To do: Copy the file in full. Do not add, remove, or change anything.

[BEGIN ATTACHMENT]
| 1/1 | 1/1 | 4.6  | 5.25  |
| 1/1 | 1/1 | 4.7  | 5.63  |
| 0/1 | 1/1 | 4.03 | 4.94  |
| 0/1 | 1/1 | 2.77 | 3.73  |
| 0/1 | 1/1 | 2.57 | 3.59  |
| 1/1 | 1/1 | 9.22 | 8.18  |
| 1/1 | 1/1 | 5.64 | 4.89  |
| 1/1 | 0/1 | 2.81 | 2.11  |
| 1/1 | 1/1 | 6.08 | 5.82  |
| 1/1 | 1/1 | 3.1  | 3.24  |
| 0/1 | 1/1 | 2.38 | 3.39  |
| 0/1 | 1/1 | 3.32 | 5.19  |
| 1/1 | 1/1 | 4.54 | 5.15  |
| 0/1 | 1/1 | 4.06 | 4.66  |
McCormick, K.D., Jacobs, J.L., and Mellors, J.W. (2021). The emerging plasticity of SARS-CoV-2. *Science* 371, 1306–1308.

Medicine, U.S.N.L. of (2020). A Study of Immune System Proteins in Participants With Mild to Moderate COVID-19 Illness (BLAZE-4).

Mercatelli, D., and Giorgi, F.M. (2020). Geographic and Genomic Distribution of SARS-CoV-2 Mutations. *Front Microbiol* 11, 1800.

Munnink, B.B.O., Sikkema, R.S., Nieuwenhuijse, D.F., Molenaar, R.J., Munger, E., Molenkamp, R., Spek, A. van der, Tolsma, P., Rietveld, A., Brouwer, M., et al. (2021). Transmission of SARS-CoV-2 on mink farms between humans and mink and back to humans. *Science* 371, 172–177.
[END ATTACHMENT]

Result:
| 1/1 | 1/1 | 4.6  | 5.25  |
| 1/1 | 1/1 | 4.7  | 5.63  |
| 0/1 | 1/1 | 4.03 | 4.94  |
| 0/1 | 1/1 | 2.77 | 3.73  |
| 0/1 | 1/1 | 2.57 | 3.59  |
| 1/1 | 1/1 | 9.22 | 8.18  |
| 1/1 | 1/1 | 5.64 | 4.89  |
| 1/1 | 0/1 | 2.81 | 2.11  |
| 1/1 | 1/1 | 6.08 | 5.82  |
| 1/1 | 1/1 | 3.1  | 3.24  |
| 0/1 | 1/1 | 2.38 | 3.39  |
| 0/1 | 1/1 | 3.32 | 5.19  |
| 1/1 | 1/1 | 4.54 | 5.15  |
| 0/1 | 1/1 | 4.06 | 4.66  |
McCormick, K.D., Jacobs, J.L., and Mellors, J.W. (2021). The emerging plasticity of SARS-CoV-2. *Science* 371, 1306–1308.

Medicine, U.S.N.L. of (2020). A Study of Immune System Proteins in Participants With Mild to Moderate COVID-19 Illness (BLAZE-4).

Mercatelli, D., and Giorgi, F.M. (2020). Geographic and Genomic Distribution of SARS-CoV-2 Mutations. *Front Microbiol* 11, 1800.

Munnink, B.B.O., Sikkema, R.S., Nieuwenhuijse, D.F., Molenaar, R.J., Munger, E., Molenkamp, R., Spek, A. van der, Tolsma, P., Rietveld, A., Brouwer, M., et al. (2021). Transmission of SARS-CoV-2 on mink farms between humans and mink and back to humans. *Science* 371, 172–177.